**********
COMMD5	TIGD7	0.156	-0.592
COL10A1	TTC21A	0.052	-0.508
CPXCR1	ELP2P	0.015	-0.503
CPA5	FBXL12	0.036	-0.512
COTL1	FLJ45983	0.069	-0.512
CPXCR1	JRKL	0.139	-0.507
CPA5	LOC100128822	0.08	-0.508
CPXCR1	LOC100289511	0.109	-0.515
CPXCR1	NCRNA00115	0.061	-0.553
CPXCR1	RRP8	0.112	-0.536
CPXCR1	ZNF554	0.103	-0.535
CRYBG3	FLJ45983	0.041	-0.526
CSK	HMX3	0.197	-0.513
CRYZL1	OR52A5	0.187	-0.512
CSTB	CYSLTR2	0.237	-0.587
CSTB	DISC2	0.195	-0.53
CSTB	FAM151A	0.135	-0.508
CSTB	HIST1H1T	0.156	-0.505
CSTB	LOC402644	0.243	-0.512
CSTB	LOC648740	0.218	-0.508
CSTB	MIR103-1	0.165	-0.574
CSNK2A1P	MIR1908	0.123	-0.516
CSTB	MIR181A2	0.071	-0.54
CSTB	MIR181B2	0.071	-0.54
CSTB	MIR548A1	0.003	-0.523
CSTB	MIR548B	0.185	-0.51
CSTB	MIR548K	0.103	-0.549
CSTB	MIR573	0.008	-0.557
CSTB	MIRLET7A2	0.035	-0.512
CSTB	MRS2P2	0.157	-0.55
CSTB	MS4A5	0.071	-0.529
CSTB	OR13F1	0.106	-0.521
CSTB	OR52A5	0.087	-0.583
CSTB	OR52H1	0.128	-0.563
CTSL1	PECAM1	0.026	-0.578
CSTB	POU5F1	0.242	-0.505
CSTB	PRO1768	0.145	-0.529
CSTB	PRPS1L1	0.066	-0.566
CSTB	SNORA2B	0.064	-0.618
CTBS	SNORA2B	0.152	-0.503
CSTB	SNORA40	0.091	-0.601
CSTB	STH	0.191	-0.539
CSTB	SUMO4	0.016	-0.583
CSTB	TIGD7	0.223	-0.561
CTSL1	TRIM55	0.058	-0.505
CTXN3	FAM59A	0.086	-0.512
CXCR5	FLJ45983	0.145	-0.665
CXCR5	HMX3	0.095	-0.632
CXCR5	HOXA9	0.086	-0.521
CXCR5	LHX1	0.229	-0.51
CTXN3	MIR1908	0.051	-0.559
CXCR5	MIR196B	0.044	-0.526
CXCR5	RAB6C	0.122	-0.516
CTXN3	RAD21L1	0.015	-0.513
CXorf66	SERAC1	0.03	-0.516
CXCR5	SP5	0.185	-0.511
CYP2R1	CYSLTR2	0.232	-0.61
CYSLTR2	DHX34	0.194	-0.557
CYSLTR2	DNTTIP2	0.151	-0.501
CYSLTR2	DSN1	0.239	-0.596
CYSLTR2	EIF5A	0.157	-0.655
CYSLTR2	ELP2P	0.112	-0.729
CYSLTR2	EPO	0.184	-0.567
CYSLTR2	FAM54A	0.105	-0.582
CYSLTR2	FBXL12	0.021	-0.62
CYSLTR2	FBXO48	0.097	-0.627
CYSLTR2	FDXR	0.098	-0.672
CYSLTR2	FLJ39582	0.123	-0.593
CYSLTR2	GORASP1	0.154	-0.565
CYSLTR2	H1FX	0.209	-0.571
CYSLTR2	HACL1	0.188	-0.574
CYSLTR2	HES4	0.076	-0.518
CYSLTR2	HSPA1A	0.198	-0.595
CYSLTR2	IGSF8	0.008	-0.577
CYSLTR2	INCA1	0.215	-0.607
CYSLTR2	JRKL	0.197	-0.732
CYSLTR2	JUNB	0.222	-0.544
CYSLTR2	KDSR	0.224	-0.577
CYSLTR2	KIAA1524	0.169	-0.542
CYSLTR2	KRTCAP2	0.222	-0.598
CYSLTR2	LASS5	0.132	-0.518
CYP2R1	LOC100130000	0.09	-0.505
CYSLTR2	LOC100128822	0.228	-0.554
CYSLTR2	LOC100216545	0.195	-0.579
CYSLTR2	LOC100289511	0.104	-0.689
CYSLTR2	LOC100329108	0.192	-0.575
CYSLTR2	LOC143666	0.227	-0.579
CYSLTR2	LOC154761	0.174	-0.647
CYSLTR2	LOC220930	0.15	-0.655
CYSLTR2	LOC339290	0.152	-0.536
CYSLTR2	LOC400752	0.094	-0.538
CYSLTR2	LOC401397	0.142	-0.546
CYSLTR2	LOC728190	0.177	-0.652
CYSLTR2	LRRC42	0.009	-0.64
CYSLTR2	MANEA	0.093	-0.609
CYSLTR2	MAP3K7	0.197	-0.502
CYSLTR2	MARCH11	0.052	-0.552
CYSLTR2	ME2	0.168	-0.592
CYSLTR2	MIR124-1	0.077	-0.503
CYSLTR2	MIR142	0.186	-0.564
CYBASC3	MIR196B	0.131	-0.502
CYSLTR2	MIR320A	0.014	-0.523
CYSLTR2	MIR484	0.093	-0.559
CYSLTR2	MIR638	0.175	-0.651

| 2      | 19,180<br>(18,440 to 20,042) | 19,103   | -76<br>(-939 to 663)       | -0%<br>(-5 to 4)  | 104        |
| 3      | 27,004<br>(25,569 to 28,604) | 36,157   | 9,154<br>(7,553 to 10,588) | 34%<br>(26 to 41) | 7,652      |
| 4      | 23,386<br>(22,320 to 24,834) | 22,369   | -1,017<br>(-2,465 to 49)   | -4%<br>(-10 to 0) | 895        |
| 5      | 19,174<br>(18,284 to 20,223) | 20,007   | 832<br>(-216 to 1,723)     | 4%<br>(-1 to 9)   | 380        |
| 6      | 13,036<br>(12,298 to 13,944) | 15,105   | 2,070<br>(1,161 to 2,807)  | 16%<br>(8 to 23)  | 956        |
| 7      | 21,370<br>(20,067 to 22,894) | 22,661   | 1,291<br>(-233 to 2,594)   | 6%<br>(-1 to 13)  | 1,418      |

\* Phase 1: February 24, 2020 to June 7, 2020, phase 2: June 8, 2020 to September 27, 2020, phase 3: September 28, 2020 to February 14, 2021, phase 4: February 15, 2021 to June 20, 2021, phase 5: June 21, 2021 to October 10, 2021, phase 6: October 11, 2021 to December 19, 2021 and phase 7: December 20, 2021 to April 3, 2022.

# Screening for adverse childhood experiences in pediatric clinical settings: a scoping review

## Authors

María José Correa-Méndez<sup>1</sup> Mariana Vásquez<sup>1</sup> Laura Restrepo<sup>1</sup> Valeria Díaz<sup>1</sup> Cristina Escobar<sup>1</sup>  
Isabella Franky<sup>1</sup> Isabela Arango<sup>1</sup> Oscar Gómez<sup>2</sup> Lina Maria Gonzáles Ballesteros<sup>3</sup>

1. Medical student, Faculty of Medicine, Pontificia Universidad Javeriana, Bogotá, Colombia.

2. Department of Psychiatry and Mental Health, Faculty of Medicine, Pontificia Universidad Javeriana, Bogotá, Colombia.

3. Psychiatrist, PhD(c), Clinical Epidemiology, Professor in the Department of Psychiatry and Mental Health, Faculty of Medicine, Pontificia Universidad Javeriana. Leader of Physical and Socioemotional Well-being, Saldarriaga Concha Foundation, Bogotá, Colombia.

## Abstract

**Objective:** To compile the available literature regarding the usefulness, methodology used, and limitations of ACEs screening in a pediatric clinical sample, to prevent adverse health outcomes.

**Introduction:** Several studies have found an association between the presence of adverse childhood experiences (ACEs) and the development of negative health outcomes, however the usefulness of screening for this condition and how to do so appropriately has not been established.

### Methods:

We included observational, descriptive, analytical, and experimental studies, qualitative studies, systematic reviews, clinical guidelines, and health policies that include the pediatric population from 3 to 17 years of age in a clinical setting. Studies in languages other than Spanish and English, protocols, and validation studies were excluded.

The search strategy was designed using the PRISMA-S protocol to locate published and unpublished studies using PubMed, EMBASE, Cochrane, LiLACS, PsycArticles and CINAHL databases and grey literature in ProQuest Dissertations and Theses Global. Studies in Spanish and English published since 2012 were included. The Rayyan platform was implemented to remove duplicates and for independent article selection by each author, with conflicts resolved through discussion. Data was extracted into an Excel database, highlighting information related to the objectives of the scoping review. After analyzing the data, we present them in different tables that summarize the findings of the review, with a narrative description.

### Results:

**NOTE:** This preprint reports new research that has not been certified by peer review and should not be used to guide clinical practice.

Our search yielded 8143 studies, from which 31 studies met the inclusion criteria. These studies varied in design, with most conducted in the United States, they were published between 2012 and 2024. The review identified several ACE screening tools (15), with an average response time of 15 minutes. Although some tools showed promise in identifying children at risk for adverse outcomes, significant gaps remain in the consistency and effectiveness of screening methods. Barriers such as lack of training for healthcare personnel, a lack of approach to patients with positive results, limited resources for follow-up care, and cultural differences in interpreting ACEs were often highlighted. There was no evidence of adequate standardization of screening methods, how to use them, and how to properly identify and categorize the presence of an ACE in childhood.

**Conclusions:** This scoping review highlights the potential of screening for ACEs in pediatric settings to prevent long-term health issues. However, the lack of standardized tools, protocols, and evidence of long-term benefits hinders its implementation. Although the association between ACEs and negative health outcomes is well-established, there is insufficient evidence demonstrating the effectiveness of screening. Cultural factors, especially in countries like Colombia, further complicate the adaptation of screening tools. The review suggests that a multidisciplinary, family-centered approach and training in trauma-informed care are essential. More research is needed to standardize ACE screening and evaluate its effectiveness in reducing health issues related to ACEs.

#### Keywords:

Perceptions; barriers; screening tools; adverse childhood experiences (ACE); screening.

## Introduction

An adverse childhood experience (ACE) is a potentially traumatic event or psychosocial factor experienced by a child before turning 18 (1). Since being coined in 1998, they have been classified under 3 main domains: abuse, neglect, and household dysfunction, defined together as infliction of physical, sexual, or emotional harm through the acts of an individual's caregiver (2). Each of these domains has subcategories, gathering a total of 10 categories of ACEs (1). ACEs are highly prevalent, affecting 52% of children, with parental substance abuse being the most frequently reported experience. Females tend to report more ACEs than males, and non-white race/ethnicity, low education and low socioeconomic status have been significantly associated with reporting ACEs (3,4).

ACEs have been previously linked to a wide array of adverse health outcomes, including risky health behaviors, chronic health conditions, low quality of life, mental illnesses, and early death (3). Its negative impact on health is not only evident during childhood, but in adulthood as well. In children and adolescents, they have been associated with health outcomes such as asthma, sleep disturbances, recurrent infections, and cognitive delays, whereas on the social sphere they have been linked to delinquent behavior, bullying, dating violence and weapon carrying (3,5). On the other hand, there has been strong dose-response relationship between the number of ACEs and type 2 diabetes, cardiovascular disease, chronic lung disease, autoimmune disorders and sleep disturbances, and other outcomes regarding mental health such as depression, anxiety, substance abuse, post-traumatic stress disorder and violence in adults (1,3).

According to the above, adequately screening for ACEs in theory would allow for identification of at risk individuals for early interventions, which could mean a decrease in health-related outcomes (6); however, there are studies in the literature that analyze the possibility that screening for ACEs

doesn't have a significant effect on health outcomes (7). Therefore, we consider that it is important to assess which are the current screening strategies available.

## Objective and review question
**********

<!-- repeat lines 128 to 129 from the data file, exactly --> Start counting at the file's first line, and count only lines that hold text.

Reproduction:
**Conclusions:** This scoping review highlights the potential of screening for ACEs in pediatric settings to prevent long-term health issues. However, the lack of standardized tools, protocols, and evidence of long-term benefits hinders its implementation. Although the association between ACEs and negative health outcomes is well-established, there is insufficient evidence demonstrating the effectiveness of screening. Cultural factors, especially in countries like Colombia, further complicate the adaptation of screening tools. The review suggests that a multidisciplinary, family-centered approach and training in trauma-informed care are essential. More research is needed to standardize ACE screening and evaluate its effectiveness in reducing health issues related to ACEs.

#### Keywords: